Directed by: Carlos Saldanha
Screenplay by: Robert L. Baird, Tim Federle, Brad Copeland
Starring: John Cena, Kate McKinnon, Bobby Cannavale
A review by Brooke Ali
Like the movie Shrek, Ferdinand is based on a very short, simple children’s book that has been filled out into a feature-length film. The Story of Ferdinand was written by Munro Leaf in 1936 with illustrations by Robert Lawson. Ferdinand is its second adaptation for the screen; the first, Ferdinand the Bull in 1938, won Disney an Oscar for Best Animated Short, as well as a place in my regular rotation of cartoons on VHS. This new version significantly expands the story, adding new characters and padding out the storyline, but the main theme of staying true to yourself hasn’t changed.
Ferdinand is born on a ranch that breeds bulls for the matador ring, but he’s bullied for his gentle nature and preference of flowers over fights. When he escapes the ranch, he finds a peaceful life on a flower farm with a young girl, Nina, and her father. He grows up to be an impressively huge bull, without losing any of his gentle demeanour or botanical appreciation. But when a bee sting leads to him accidentally running rampage through a local town, he gets captured and returned to the ranch, where he must escape or be sent to the matador ring.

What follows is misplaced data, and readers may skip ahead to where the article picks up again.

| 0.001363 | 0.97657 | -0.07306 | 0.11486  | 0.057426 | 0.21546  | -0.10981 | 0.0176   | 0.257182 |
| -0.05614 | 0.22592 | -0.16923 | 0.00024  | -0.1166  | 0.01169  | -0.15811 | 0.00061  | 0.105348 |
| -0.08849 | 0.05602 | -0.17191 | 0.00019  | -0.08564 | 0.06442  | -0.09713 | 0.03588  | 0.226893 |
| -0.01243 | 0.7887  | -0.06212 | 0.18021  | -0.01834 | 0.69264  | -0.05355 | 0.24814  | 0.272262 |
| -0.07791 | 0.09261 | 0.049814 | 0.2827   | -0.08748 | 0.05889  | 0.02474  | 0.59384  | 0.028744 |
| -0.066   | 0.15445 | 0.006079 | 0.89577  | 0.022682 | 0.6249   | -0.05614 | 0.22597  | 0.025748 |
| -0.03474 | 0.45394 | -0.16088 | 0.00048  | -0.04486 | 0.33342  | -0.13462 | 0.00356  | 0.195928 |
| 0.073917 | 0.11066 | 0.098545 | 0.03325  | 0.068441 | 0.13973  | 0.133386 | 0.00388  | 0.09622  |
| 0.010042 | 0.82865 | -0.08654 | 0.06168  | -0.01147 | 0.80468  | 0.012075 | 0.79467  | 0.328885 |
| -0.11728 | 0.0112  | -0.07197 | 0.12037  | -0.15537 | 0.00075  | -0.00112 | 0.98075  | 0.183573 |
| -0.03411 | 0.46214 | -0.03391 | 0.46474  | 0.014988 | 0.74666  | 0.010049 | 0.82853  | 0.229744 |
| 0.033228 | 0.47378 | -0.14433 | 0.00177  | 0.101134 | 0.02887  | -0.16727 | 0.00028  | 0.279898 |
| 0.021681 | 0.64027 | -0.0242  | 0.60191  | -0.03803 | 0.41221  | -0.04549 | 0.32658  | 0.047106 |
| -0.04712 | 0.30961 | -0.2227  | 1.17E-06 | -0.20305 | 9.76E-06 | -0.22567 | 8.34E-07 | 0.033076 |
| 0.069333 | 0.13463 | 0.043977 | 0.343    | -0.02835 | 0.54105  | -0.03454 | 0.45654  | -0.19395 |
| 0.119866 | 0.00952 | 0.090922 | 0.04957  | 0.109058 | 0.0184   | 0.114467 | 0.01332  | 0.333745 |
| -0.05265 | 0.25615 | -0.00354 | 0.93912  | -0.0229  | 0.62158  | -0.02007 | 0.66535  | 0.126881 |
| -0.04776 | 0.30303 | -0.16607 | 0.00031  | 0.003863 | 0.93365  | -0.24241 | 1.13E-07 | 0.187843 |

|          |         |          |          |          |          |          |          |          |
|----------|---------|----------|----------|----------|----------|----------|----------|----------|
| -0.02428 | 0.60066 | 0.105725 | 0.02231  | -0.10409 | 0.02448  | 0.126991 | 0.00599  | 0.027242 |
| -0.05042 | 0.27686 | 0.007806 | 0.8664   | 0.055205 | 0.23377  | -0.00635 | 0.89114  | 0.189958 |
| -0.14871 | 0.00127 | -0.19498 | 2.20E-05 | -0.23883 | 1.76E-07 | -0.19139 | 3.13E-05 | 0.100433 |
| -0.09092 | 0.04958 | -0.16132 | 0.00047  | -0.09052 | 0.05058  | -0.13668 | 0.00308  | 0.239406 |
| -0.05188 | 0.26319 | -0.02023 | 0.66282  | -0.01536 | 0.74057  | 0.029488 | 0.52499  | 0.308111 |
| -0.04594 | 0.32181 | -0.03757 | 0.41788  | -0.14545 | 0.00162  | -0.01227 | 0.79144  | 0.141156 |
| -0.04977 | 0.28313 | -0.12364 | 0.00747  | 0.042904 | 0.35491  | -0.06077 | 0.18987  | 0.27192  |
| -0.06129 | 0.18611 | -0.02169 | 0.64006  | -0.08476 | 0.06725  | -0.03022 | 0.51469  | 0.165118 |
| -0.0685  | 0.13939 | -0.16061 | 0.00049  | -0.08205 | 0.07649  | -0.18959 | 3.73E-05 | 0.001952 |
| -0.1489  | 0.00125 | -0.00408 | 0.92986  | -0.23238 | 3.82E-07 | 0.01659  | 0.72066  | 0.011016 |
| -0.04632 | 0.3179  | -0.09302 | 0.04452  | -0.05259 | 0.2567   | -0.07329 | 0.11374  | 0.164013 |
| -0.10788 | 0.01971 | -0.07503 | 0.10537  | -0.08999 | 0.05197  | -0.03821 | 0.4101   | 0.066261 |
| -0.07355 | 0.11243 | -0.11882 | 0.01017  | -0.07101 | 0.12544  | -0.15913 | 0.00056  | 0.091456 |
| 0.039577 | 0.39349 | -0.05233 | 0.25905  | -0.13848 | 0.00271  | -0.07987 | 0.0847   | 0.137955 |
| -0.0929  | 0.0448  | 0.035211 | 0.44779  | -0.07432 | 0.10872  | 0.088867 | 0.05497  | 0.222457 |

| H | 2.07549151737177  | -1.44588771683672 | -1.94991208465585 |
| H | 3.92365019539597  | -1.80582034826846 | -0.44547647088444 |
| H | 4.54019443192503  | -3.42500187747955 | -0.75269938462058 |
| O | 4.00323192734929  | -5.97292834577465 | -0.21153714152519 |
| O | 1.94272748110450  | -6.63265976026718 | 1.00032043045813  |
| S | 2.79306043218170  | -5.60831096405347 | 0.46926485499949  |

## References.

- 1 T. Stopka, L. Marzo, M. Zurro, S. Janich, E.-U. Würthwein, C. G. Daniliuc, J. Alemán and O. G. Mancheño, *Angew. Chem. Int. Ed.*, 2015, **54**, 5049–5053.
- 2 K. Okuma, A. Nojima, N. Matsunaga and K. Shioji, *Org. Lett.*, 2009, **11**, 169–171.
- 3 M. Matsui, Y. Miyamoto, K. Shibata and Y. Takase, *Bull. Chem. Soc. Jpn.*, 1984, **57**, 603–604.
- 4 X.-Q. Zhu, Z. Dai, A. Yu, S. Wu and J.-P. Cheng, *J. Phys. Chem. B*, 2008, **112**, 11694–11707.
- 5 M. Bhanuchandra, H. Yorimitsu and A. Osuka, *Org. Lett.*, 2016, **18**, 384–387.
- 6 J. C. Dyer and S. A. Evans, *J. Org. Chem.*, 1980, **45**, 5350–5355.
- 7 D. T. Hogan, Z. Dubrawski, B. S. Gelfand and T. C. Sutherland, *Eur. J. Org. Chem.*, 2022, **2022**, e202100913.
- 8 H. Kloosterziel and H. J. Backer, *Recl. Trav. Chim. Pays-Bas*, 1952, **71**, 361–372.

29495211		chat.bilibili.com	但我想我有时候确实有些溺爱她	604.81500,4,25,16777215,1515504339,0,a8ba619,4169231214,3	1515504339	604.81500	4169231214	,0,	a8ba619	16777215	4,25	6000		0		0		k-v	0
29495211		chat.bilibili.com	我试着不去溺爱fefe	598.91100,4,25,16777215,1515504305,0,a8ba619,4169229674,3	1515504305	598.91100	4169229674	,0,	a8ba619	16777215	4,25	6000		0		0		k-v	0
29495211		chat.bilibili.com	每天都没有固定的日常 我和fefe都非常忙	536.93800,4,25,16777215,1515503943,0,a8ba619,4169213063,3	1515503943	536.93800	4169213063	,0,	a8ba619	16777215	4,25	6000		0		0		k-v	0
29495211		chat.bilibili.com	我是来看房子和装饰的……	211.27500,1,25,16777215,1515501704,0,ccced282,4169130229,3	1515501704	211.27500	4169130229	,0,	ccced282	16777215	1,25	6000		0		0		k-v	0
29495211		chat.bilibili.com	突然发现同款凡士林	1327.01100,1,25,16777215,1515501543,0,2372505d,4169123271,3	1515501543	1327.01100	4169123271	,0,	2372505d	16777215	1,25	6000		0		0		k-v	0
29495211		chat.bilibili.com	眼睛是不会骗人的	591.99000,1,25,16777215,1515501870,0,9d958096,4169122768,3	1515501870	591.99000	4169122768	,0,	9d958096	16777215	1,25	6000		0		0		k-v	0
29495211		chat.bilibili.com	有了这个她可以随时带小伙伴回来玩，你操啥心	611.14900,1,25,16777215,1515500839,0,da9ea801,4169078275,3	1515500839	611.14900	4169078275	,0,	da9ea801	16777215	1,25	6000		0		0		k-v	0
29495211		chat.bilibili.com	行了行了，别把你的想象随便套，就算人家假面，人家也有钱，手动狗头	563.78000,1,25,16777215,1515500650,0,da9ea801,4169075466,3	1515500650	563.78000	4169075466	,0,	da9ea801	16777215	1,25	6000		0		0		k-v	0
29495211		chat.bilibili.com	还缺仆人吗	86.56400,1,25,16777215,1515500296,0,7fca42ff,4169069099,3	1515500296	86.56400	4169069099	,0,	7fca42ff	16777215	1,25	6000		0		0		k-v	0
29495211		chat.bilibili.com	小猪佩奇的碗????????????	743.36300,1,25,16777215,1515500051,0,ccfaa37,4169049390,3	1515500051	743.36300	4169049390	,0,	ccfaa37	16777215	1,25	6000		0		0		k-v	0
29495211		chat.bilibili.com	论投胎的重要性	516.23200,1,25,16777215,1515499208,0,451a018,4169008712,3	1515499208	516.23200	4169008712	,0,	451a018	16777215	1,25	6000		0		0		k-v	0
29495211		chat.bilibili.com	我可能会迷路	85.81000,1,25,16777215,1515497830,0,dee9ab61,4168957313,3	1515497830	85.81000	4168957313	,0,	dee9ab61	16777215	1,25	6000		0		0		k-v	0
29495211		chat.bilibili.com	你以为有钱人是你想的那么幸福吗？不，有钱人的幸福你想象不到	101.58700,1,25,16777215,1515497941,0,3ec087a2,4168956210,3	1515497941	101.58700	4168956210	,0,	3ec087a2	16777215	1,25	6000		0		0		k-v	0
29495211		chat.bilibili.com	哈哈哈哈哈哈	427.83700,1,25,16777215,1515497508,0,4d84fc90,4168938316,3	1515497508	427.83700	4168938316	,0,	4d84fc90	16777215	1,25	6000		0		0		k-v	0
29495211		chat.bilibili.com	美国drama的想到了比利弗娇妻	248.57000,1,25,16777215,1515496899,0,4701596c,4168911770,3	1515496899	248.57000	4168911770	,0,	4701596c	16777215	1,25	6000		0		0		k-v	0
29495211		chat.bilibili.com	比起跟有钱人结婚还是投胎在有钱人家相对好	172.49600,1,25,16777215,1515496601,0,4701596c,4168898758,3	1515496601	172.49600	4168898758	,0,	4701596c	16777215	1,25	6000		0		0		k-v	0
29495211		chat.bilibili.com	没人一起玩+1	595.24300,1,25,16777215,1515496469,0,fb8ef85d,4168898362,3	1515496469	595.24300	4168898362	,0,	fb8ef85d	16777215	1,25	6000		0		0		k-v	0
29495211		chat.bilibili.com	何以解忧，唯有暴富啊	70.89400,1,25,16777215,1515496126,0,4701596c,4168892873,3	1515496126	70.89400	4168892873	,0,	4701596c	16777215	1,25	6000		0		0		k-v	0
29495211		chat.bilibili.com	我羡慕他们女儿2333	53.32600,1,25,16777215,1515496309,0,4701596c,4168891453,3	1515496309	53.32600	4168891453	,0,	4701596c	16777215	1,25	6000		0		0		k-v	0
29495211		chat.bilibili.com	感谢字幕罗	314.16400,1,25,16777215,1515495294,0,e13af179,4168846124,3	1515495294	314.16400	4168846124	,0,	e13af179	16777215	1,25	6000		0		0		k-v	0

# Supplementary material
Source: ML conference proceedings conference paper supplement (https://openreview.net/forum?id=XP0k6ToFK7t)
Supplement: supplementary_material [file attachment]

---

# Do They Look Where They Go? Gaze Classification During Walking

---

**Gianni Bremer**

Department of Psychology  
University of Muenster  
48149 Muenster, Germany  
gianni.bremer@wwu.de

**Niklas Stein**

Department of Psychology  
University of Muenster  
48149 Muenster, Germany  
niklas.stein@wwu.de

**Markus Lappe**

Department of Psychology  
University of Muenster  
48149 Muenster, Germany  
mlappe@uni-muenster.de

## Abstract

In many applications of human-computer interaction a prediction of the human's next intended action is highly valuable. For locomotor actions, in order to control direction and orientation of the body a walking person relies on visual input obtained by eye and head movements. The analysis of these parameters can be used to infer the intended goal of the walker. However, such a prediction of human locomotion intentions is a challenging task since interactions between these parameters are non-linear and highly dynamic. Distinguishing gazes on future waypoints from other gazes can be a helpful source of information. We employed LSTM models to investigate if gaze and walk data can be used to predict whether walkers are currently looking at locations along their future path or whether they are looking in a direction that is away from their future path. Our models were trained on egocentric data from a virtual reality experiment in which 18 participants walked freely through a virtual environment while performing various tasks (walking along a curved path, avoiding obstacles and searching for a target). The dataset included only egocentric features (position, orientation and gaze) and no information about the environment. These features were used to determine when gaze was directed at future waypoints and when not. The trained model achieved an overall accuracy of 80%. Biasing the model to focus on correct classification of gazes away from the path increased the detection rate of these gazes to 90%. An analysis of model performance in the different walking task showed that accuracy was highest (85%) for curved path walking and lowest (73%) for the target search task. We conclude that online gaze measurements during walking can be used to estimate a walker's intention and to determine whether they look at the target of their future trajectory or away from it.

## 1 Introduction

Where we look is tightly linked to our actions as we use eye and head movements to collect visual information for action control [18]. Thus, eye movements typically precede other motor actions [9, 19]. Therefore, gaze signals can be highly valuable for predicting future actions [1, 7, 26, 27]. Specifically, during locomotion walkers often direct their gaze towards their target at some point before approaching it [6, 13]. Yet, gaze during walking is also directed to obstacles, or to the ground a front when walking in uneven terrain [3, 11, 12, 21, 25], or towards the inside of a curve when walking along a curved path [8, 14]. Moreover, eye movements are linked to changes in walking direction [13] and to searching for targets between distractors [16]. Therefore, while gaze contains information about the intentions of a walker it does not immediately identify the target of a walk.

John Cena does an excellent job as the gentle giant, Ferdinand, and Kate McKinnon gets to bring the crazy to the character of Lupe, the comfort goat. But I feel they missed an opportunity for better representation in their casting. For a movie set in Spain, very few of the actors are Spanish; the main cast is almost entirely American, with Spanish or Latinx actors being used for small parts or “various voices” roles. I understand that filmmakers feel they need to attach big names to attract interest, but how can actors, of any background, become big names if Hollywood doesn’t give them the opportunity to get to the top? Compare this to Coco, which has almost its entire cast made up of actors with Latin backgrounds.
The humour definitely worked with some great comedic performances by the cast. There was even a dance off sequence that inspired one little girl in my row to stand up and get her groove on. However, it’s worth noting that the few non-American actors that were cast were used for some easy “listen to that funny accent” humour, which was time that could have been spent on better jokes. The overall message of being who you are, no matter what situations or expectations are thrown at you, remains central to the story, even driving the main conflict between Fernando and the antagonist, Valiente (Bobby Cannavale). It helps to keep grounded what could have easily turned into a zany escape movie.
Watch it! The film is genuinely enjoyable. It was well-paced, never dragging or feeling unnecessarily padded to boost the running time. It was heartwarming without being saccharin and I laughed out loud several times. It’s also important to see that strength lies not in fighting, but in caring and standing up for what’s right.